This Week: Fourth week of CHIP’s not being renewed…Administration proclaims a National Public Health Emergency on opioids…Senate budget passes the House…Hatch and Brady offer their own market stabilization plan…While CBO says Alexander-Murray saves.
Rep. Cummings and Sen. Sanders Introduce Legislation to Let Government Negotiate Drug Prices
Rep. Elijah Cummings (D-MD) and Sen. Bernie Sanders (I-VT) introduced legislation on Oct. 25 to let the government negotiate drug prices in Medicare Part D. The legislation also would let CMS use drug formularies and fallback prices, which are policies the Congressional Budget Office said are needed to obtain discounts in price negotiation, and it would offer drug rebates for low-income beneficiaries.
Cummings is the ranking Democrat on the House Oversight and Government Reform Committee. The House bill’s cosponsors include Reps. Peter Welch (D-VT), a member of the Energy & Commerce Committee, and Lloyd Doggett (D-TX), who is on Ways & Means. The Senate version is cosponsored by Democratic Sens. Jack Reed (RI), Kirsten Gillibrand (NY), Kamala Harris (CA) and Al Franken (MN).
Cummings and Welch on Tuesday sent their third letter to Trump since meeting with him March 8. Cummings said the president supported the thrust of what was then draft legislation, but he hasn’t responded to their requests to support the legislation in the seven months since.
Framework for Repeal of Therapy Caps Unveiled
The House Ways and Means and Energy and Commerce Committees and the Senate Finance Committee unveiled a bipartisan framework to repeal Medicare therapy caps, which is based off the targeted manual medical review process. The policy would repeal the Part B outpatient therapy caps. The caps currently are $1,980 for speech and physical therapy and $1,980 for occupational therapy, with an exceptions process that will expire at the end of the year. Renewing the exceptions process has been an annual exercise for Congress as part of the Medicare extenders.
Currently, claims above the cap are marked with a modifier and the framework released on Oct. 26 would still require a modifier on medically necessary claims over the current exceptions threshold. The new policy would require current practice to continue of targeted manual medical reviews for claims over a threshold although the framework may change the threshold. There is no Congressional Budget Office estimate yet.
Hatch-Brady Proposal on Market Stabilization
On Oct. 24, the Senate Finance Chairman Orrin Hatch and House Ways and Means Chairman Kevin Brady combined forces to unveil a proposal that would fund ACA insurance subsidies in exchange for temporarily eliminating the health law’s individual mandate.
The Republican-only plan represents direct competition to the bipartisan ACA stabilization bill (Alexander-Murray)—and could appeal to undecided Republicans looking for a more conservative approach.
The proposal from Hatch and Brady would fund the ACA’s cost-sharing program through 2019, similar to the bipartisan stabilization bill drafted by Sens. Lamar Alexander and Patty Murray.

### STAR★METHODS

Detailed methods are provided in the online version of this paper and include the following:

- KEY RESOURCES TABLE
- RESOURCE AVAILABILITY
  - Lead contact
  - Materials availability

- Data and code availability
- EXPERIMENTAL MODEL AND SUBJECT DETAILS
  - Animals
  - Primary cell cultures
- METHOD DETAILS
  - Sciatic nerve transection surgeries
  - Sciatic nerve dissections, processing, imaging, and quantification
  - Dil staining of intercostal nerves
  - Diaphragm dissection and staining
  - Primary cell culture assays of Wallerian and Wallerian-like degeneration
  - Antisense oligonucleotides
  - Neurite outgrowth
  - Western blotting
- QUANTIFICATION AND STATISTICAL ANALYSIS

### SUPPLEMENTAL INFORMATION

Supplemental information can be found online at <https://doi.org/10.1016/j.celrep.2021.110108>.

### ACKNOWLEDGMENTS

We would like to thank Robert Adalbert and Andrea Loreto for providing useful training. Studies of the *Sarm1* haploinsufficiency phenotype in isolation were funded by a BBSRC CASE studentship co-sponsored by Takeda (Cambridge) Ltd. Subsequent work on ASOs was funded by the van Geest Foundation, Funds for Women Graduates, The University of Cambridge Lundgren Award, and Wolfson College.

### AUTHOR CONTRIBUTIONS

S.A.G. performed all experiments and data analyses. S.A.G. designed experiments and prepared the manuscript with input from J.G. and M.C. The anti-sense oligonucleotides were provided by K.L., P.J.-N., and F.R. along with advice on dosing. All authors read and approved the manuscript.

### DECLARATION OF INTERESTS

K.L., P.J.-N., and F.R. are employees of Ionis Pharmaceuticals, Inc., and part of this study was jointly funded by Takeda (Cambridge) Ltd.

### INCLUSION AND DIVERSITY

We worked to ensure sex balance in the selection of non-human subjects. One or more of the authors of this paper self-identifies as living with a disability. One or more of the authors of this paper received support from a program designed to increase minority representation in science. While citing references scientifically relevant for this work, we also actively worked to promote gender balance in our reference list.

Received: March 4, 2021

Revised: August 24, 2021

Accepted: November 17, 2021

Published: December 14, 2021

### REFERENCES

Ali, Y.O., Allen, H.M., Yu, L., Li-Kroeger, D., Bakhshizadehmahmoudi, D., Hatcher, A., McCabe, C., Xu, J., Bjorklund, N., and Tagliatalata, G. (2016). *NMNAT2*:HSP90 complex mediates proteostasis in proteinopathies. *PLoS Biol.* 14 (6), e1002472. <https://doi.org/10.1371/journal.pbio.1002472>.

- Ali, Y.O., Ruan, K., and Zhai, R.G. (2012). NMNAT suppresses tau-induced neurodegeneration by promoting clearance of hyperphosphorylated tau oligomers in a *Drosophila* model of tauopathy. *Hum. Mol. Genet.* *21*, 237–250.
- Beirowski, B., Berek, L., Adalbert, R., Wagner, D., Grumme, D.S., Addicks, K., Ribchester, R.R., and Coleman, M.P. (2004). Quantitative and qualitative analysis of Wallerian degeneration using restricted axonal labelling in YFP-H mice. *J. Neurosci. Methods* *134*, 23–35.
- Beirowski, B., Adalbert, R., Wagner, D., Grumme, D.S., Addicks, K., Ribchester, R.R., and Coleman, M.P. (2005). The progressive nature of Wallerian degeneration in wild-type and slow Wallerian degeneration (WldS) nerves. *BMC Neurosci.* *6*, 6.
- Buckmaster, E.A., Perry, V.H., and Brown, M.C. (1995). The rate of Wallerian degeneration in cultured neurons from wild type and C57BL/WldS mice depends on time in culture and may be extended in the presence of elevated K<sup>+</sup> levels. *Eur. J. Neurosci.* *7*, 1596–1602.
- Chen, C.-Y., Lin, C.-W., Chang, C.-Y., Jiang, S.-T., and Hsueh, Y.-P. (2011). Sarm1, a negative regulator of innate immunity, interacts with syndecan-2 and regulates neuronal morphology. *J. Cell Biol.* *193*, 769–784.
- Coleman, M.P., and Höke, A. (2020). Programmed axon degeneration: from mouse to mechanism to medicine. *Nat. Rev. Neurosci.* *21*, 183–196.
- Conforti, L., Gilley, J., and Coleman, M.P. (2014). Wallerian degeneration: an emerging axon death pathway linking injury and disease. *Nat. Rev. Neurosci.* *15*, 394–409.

However, it would also include a number of new provisions designed to appeal to conservatives, including eliminating the individual mandate through 2021 and expanding the use of health savings accounts.
The Hatch-Brady bill will also exempt businesses from the employer mandate for 2015 through 2017 and apply certain “pro-life protections” to the cost-sharing funding.
Some of the provisions in the proposal—like the expansion of HSAs and employer mandate exemption are changes the White House also requested be made to the Alexander-Murray bill.
House Passes Budget Paving the Way for Tax Reform
On Oct. 26, the House of Representatives narrowly passed the budget resolution the Senate had passed last week. The resolution passed 216-212.
The budget the House passed is different from the version the chamber first approved earlier this month and is unlikely to have garnered sufficient support without the tax debate looming over Congress.
The House’s initial plan, favored by fiscal hawks, would have required lawmakers to offset the costs of new tax cuts and find $203 billion in extra savings from some welfare programs. But those requirements would not fly in the more moderate Senate, which passed its budget last week.
Under immense pressure to pass a tax reform bill by year’s end, Republican leaders struck a time-saving deal to forgo a formal conference committee to resolve differences between the House and Senate plans.
The Senate budget envisions tax cuts that could add $1.5 trillion to the deficit over a decade.
Congressional Budget Office Says Alexander-Murray Would Reduce Federal Deficit
The bipartisan bill to stabilize ACA individual markets drafted by Sens. Lamar Alexander and Patty Murray would reduce the federal deficit by $3.8 billion. However, it would not do much to change health insurance premiums for 2018, but could keep rates steady in 2019, according to a new analysis by the Congressional Budget Office on Oct. 25. The legislation also would not substantially change the number of people who are covered.
CBO said the savings would stem in part from letting states offer so-called copper plans—or lower-cost policies that appeal to healthier enrollees in the Obamacare markets.